This Valentine’s day we want you to forget those sappy rom-coms and settle into a dark comedy that’s going to make you laugh for all of the wrong reasons. From first time filmmaking duo Leo Hardt and Manon Alirol, Petite Avarie is an absurd comedy with a twisted sense of humor about a rather taboo subject.
After being diagnosed with breast cancer, a young woman comes home to her particularly unsympathetic and unhelpful boyfriend, sparking one of the worst lover’s quarrels you will see in cinema and hopefully make you appreciate your partner that much more. Brutally honest and uncompromisingly dry, this black comedy is a gasp-out-loud battle of wits and cruel intentions.
While I don’t get to see many shorts in a theatrical setting, I was incredibly lucky to catch this gem at the Fantasia International Film Festival in the same program as my own short and I can report that it is an absolute crowd pleaser. With jokes that shock, this two-player performance is an electric piece of cinema and gives a wonderful nod to horror in its use of violence and subtle amounts of blood.
When faced with something truly terrible, sometimes the best thing to do is laugh. Comedian Leo Hardt who both wrote, co-directed, and starred in the film (as the awful boyfriend) certainly knew how to channel his feelings, with a veteran use of deadpan and comedic timing. Inspired by his real-life girlfriend’s photography project, in which she spent time around women diagnosed with breast cancer, Hardt became increasingly sympathetic toward her subjects.
“I did what I always do when something makes me angry and sad – I try to laugh the shit out of it”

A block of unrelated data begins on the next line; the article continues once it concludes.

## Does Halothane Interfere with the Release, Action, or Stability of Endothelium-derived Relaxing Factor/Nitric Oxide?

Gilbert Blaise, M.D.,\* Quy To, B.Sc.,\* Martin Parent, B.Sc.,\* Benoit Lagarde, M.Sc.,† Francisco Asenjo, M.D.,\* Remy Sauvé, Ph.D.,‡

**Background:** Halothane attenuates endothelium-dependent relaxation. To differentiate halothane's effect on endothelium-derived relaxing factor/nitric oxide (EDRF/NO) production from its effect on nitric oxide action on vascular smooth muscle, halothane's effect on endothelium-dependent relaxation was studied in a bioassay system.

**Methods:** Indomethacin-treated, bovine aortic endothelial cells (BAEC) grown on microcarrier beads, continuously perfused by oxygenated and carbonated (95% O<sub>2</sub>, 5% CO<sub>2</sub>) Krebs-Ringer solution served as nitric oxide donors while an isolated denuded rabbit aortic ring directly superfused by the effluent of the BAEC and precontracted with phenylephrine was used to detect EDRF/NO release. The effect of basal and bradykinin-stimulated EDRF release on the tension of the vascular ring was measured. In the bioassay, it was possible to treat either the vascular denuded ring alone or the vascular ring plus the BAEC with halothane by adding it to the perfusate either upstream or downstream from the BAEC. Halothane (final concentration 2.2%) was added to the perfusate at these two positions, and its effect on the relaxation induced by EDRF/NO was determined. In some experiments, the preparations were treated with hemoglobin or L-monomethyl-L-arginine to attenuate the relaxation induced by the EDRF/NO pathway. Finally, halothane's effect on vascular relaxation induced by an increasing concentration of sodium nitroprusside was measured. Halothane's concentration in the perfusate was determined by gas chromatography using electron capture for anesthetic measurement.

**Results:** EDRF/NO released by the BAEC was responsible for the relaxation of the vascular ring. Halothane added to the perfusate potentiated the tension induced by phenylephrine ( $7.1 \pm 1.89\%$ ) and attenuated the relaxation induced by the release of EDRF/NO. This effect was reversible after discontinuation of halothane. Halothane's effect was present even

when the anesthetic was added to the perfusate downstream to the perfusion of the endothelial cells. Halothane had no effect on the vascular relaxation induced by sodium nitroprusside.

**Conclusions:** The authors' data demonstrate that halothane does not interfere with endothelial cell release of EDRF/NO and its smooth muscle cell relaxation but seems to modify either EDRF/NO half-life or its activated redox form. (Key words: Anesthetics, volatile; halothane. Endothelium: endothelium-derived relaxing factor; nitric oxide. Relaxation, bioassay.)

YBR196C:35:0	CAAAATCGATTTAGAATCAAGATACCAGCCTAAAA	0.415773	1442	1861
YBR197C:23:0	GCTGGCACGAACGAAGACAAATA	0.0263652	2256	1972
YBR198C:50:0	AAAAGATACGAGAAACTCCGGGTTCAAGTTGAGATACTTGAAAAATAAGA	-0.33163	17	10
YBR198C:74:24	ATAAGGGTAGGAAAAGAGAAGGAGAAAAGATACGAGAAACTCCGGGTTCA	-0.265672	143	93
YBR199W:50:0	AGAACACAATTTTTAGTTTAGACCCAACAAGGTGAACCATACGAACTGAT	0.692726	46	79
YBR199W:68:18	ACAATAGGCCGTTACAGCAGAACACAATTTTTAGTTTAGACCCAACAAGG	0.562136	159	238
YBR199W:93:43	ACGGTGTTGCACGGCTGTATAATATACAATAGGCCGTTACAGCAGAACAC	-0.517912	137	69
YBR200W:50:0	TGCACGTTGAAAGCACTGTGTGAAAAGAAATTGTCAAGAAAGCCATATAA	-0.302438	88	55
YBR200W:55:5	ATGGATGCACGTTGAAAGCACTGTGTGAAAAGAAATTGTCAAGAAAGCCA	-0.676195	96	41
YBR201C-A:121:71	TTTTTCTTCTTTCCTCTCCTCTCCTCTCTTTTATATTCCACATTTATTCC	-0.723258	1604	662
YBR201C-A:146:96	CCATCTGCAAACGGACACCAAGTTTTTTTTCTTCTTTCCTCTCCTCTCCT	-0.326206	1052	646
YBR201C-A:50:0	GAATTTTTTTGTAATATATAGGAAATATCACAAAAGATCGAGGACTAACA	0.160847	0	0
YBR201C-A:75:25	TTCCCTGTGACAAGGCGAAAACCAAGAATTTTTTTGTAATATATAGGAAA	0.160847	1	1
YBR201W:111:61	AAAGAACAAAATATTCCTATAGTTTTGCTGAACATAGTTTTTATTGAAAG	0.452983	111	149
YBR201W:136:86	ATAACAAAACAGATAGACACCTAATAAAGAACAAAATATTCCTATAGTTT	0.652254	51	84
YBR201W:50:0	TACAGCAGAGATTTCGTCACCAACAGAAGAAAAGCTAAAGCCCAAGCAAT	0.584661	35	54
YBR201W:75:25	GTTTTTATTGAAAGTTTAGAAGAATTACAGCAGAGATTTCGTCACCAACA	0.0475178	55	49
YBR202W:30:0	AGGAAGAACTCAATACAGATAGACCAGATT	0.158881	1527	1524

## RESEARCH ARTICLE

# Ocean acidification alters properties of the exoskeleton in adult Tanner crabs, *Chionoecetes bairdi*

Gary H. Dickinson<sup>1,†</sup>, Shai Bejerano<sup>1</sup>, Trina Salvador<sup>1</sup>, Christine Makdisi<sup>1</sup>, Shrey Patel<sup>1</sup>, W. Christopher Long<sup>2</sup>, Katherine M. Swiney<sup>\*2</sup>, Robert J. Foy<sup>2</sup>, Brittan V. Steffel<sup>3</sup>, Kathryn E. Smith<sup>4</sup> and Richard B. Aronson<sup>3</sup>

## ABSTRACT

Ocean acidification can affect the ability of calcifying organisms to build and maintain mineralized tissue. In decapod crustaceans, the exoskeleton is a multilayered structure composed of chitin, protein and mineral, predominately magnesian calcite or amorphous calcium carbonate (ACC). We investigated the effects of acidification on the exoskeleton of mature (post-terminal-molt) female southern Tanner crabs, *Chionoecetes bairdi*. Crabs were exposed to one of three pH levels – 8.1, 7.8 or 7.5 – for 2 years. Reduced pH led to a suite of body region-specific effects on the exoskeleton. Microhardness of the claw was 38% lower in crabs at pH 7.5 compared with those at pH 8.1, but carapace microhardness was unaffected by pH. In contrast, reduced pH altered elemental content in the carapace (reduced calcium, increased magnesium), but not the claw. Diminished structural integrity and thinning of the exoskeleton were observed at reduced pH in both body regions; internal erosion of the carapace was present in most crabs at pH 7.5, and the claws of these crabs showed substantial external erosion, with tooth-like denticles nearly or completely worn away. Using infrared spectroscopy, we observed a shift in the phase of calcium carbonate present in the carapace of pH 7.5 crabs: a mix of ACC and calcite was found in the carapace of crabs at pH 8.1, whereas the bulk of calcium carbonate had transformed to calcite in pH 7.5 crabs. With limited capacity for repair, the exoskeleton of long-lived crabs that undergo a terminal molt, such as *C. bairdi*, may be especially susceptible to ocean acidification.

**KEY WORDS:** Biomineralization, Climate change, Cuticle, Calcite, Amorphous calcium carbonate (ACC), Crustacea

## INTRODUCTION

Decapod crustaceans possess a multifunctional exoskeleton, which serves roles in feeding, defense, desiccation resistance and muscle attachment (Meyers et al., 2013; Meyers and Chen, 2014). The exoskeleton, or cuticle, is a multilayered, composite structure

“To put it lightly, she [his girlfriend] was spending a lot of time with doctors and sick women for her project and I was the only person she shared their stories with. They were all connected by the same shame, the same feeling of being put aside and victimized constantly and it made me angry and sad. So I did what I always do when something makes me angry and sad – I try to laugh the shit out of it,” confesses Hardt.
Cancer isn’t funny, it really isn’t. Except that Petite Avarie makes it really really funny. In the face of life altering news, Petite Avarie’s use of unexpected apathy creates an unforgettable black comedy that will leave a lasting impression of laughs and make you feel guilty for finding it so funny. Guess we’re all going to hell this Valentine’s Day, ay?
Petite Avarie screened at the Fantasia International Film Festival and unsurprisingly won the Best Actress Award for Manda Touré. It was also an Official Selection of Fantastic Fest and the Telluride Horror Show among others. Hardt is currently working on another short film and developing feature ideas while also working as a comedian in Montreal, Canada.